Traditional cultural practices and values are still at the heart of many African societies. Analysis of African culture often presents two versions. The style of naming children is one of the most conspicuous and resilient symbols of African culture. Others that are still strongly laced with African tradition and culture include marriage and initiation ceremonies. According to Asu Gever &Joshua (2013), attitude towards health and community practices influence the way people make use of healthcare facilities.
Factors that influence how people receive healthcare services in Africa vary from community to community and country to country. Consequently, they yield varying results and the spread of different types of diseases. Some of the observable factors include
Religious beliefs: moral issues, religious practices, and beliefs affect health significantly. Commonly, in cases where a victim suffers from a serious illness, it is attributed to the wrath of gods. Indeed, it is not uncommon to hear of the anger of ancestral spirits. African religion incorporates ancestral spirits as a central element in its practice. These spirits are closely knit with people's lives. Many African communities hold that all living things are harmoniously connected with the spirits and the gods. In that relationship, there is ascribed special force that each of them generates.
When there is perfect harmony with the environment; spirits and the gods, a state of peace is experienced. These are staunch beliefs held by African Traditional Religion adherents. It is also a belief that is shared among Muslims and Christians alike. Misfortune and even ill-health, that defies modern medicine are believed to be spiritual forces controlled by sorcerers, wizards and witches; or simply as manifestations of the ancestors' wrath on the society.
Indeed, according to African belief, one does not simply just fall…
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Therefore, I would tell the patient that their symptoms should not be considered in isolation of their whole person. Websites that address symptoms only are not taking into account the wealth of factors that can influence the diagnosis of a specific disease. At the same time, patients have the right to know about alternative solutions other than those provided or suggested by the physician or health care organization. Sometimes insurance
(Worcestershire Diabetes: a New model of care Stakeholder event, 2007) The continuum of care for the diabetic patient is shown in the following illustration labeled Figure 1. Diabetes: Continuum of Care Source: Worcestershire Diabetes: a New model of care Stakeholder event (2007) The continuum of care for diabetes begins at the moment that the individual is found to have diabetes and continues across the individual's health care providers and across the varying stages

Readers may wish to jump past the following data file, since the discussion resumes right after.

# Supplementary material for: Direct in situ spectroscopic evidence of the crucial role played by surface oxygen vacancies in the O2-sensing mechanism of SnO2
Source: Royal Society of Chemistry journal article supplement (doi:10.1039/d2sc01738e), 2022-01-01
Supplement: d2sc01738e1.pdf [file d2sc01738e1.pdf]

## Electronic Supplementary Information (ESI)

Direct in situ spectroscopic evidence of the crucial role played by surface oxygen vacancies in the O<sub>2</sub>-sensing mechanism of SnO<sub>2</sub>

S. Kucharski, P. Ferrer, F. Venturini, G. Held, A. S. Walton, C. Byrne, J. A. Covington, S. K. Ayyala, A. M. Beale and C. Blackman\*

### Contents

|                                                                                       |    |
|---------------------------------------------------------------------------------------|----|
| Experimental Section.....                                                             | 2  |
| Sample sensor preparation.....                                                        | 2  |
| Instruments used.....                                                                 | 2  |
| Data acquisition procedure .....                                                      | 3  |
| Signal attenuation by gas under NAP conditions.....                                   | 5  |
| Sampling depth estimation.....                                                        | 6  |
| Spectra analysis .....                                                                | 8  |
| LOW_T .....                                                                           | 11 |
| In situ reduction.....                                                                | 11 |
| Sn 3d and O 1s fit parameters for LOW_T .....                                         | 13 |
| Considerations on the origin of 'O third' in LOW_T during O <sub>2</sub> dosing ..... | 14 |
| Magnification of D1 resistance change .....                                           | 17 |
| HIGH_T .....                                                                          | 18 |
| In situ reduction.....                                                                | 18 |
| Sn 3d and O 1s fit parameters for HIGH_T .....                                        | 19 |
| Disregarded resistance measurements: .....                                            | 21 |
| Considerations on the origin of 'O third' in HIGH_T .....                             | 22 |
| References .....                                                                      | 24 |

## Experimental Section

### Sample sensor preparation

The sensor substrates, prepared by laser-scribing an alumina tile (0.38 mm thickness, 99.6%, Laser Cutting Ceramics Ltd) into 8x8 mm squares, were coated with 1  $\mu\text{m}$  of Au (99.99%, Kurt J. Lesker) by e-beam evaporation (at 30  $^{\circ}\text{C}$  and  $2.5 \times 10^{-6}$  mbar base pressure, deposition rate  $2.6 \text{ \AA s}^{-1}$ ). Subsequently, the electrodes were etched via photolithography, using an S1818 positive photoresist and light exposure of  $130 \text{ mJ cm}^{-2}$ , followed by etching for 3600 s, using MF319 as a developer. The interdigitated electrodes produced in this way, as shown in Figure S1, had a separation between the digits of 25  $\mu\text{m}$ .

" (AAFP, nd) The Health Maintenance Organization further should "…negotiate with both public and private payers for adequate reimbursement or direct payment to cover the expenses of interpreter services so that they can establish services without burdening physicians…" and the private industry should be "…engaged by medical organizations, including the AAFP, and patient advocacy groups to consider innovative ways to provide interpreter services to both employees and the medically underserved." (AAFP,
Migrant Health Problem Presently, access to social and health services for most migrants is determined by their legal status. Undocumented migrants have least possible access to health services. Legal status is one of the preconditions for ability involved in receiving adequate care. Further, the availability, acceptability, quality and accessibility of such services is dependent on different influences such as cultural, social, linguistic, structural, gender, geographical and financial factors. From this,
Health Behavior The "Theories At A Glance" manual discussed a variety of healthy behaviors. Select two theories that can be used to explain why people behave the way they do. Discuss the basic premise and constructs of the theories you choose. Cite two examples of how each theory could be used to explain a health behavior. Theory of Planned Behavior (TPB) The relationship that exists between behavior and attitudes, beliefs and intention
Background The individual is a 26 year-old female living in Bethesda, Maryland. For the purposes of retaining anonymity and privacy, only the person’s initials (MA) will be used to describe her responses to interview questions related to cultural affiliations, values, kinship, religion, and all other elements relevant to the comprehensive cultural assessment. The Andrews & Boyle (2012) cultural assessment framework is used to guide interview questions and analyze responses. Furthermore, MA’s